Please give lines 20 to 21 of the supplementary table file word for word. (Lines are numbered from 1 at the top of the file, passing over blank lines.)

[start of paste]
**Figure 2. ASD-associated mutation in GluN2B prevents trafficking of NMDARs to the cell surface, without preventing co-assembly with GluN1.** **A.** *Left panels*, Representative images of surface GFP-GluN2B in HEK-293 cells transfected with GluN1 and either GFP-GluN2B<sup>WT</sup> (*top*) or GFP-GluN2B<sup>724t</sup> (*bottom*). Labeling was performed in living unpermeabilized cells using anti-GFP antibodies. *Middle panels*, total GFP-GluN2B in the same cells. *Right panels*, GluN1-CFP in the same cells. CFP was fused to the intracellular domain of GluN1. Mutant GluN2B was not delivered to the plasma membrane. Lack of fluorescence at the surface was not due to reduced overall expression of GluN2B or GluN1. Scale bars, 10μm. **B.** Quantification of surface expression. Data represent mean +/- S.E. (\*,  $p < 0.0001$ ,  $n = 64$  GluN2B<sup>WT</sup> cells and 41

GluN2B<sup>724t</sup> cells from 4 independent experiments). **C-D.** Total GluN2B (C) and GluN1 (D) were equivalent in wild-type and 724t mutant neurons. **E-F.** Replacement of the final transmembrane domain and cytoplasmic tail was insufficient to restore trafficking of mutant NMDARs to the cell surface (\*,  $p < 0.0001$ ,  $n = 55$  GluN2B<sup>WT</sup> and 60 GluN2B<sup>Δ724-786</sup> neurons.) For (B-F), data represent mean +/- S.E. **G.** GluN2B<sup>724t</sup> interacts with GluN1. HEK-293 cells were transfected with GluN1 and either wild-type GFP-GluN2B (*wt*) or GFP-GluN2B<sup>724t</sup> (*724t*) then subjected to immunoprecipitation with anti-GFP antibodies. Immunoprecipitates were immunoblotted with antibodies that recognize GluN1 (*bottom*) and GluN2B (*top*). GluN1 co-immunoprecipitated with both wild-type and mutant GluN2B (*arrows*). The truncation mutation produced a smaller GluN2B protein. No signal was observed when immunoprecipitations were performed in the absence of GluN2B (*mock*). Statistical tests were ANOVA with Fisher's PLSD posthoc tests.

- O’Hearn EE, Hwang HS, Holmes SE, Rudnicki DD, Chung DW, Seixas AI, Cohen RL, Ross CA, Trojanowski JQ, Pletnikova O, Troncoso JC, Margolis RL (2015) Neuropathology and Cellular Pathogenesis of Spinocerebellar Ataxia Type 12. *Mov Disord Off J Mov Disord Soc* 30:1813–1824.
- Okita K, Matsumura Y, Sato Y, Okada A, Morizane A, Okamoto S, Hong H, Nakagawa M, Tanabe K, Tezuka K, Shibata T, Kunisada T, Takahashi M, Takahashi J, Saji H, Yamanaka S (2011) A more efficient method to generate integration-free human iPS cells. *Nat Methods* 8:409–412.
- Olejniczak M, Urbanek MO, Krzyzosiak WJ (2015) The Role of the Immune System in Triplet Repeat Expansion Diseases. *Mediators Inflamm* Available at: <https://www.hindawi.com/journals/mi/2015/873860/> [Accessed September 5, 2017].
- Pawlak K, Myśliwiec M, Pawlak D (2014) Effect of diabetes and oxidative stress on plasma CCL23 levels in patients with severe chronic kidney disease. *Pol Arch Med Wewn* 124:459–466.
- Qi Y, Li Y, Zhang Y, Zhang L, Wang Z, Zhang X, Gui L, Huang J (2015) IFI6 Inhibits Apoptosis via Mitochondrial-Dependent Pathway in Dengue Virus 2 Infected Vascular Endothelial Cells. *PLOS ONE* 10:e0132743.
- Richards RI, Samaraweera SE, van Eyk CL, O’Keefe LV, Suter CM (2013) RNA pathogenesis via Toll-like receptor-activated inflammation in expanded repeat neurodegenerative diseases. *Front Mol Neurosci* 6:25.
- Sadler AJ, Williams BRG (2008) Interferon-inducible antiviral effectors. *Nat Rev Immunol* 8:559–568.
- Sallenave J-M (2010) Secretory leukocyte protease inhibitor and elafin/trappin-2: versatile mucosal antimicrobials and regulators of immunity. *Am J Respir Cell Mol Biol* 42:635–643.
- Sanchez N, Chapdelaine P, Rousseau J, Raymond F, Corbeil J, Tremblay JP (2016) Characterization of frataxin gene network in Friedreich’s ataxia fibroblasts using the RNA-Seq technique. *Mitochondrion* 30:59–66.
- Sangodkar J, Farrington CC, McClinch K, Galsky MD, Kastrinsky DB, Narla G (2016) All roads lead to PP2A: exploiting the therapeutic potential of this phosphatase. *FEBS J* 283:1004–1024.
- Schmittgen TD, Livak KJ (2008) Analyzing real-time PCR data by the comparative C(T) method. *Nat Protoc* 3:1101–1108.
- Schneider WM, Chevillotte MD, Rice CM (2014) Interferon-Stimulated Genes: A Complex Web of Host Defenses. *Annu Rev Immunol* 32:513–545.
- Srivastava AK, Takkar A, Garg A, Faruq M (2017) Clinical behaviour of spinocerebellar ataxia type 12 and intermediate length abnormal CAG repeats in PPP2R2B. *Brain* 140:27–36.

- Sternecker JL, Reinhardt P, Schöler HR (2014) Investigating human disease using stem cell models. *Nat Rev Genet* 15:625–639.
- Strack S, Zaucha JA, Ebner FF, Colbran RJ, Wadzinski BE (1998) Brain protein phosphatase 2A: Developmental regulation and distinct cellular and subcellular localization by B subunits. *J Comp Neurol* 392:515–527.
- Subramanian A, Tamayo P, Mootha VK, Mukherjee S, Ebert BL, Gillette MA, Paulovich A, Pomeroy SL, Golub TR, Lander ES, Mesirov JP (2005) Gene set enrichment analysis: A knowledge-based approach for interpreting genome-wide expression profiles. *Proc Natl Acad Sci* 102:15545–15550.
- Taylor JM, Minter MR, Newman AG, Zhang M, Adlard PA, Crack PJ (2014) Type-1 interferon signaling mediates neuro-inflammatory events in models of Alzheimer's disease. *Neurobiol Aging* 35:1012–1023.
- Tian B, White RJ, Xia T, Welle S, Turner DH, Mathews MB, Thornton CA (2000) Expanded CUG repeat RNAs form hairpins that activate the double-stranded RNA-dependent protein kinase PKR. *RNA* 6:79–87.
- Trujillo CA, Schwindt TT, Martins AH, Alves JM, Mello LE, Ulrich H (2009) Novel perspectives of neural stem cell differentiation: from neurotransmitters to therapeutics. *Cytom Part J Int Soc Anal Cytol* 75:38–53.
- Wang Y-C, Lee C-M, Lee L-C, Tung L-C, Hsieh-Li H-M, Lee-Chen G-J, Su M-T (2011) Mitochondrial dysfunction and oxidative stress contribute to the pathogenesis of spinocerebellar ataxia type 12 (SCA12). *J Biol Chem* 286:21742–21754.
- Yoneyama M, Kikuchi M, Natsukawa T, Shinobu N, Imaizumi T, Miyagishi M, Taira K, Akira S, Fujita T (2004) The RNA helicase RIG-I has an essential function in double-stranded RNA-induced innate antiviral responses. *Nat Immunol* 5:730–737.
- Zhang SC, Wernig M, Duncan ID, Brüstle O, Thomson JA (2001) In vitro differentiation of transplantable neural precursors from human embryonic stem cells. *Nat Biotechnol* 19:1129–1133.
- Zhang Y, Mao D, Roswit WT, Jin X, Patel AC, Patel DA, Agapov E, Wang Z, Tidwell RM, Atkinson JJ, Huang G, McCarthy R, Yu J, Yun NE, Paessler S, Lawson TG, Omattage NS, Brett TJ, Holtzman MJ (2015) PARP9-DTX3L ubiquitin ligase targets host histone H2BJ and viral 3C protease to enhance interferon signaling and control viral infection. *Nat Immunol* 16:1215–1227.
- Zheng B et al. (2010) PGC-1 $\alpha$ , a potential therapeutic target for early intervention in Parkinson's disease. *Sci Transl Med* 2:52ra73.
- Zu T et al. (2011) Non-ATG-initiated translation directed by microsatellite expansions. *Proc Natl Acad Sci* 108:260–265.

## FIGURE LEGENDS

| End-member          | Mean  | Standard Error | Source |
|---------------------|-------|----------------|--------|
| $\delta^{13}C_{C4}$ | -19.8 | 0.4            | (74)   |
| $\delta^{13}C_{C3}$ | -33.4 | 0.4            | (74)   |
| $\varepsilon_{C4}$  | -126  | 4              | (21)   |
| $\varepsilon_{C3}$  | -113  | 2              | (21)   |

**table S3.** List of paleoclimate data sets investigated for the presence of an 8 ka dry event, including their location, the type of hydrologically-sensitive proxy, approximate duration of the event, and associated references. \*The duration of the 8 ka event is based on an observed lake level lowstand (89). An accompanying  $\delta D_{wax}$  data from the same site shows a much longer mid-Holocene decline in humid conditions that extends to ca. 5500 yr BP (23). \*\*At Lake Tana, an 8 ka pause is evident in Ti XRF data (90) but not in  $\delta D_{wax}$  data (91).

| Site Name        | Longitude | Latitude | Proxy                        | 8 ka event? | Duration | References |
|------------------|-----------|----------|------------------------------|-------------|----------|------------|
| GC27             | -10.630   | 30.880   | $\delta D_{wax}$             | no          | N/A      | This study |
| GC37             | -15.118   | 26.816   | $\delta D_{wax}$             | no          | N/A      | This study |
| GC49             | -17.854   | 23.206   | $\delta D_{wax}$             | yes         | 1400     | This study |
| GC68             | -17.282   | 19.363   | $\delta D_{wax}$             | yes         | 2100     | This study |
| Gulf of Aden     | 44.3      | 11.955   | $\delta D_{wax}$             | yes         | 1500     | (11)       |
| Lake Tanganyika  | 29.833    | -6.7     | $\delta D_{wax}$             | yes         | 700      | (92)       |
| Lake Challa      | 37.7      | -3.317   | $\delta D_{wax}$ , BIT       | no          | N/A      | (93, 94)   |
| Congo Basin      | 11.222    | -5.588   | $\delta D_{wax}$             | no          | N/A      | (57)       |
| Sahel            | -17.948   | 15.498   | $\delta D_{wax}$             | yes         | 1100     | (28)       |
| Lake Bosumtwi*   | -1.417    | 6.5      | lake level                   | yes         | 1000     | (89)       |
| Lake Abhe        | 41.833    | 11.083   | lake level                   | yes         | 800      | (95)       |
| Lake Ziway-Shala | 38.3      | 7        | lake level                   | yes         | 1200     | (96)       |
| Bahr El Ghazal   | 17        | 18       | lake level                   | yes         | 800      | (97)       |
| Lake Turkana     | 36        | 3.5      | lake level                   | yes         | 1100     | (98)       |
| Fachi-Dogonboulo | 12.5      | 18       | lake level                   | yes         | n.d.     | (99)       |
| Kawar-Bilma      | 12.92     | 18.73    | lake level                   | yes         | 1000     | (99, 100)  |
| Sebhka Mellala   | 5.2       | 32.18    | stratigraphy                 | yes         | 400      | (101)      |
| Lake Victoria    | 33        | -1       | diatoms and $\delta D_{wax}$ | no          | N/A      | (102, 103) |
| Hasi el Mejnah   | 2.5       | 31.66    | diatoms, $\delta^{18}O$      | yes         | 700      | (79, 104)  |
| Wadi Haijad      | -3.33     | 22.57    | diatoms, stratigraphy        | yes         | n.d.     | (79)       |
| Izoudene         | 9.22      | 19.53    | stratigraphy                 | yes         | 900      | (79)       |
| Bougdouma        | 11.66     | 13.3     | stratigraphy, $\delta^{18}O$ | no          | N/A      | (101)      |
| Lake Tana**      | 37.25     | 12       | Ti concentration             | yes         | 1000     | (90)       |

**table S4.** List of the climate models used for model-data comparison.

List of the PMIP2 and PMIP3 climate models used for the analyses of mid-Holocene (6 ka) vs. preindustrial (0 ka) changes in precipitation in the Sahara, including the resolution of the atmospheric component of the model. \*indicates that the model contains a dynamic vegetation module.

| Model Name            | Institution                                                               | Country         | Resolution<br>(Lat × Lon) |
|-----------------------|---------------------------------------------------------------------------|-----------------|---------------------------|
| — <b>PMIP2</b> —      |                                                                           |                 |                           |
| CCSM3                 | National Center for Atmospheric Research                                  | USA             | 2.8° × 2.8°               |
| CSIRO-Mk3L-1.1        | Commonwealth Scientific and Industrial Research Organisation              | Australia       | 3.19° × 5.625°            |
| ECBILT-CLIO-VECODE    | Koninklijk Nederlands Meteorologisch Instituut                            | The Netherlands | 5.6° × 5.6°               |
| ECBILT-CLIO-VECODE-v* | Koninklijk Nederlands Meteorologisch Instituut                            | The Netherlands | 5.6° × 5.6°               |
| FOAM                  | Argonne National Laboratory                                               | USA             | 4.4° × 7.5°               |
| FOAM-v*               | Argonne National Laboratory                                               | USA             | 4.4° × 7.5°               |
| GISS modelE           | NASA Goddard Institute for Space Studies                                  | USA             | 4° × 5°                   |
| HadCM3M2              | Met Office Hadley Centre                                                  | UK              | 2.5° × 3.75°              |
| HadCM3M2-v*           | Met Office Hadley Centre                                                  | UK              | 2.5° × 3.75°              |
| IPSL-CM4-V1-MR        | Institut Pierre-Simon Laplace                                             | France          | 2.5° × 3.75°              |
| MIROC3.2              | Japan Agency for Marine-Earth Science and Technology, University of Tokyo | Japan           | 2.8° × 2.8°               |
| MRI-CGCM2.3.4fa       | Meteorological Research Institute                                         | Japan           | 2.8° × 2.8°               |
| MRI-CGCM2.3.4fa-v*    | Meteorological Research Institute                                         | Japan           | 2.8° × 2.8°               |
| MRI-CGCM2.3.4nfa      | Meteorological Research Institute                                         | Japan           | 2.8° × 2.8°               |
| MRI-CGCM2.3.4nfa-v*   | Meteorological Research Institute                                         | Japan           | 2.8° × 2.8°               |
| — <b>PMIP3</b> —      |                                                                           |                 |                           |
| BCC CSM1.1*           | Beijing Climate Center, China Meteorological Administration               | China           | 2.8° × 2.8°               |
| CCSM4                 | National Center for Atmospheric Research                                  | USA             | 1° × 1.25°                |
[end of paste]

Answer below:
- Tian B, White RJ, Xia T, Welle S, Turner DH, Mathews MB, Thornton CA (2000) Expanded CUG repeat RNAs form hairpins that activate the double-stranded RNA-dependent protein kinase PKR. *RNA* 6:79–87.
- Trujillo CA, Schwindt TT, Martins AH, Alves JM, Mello LE, Ulrich H (2009) Novel perspectives of neural stem cell differentiation: from neurotransmitters to therapeutics. *Cytom Part J Int Soc Anal Cytol* 75:38–53.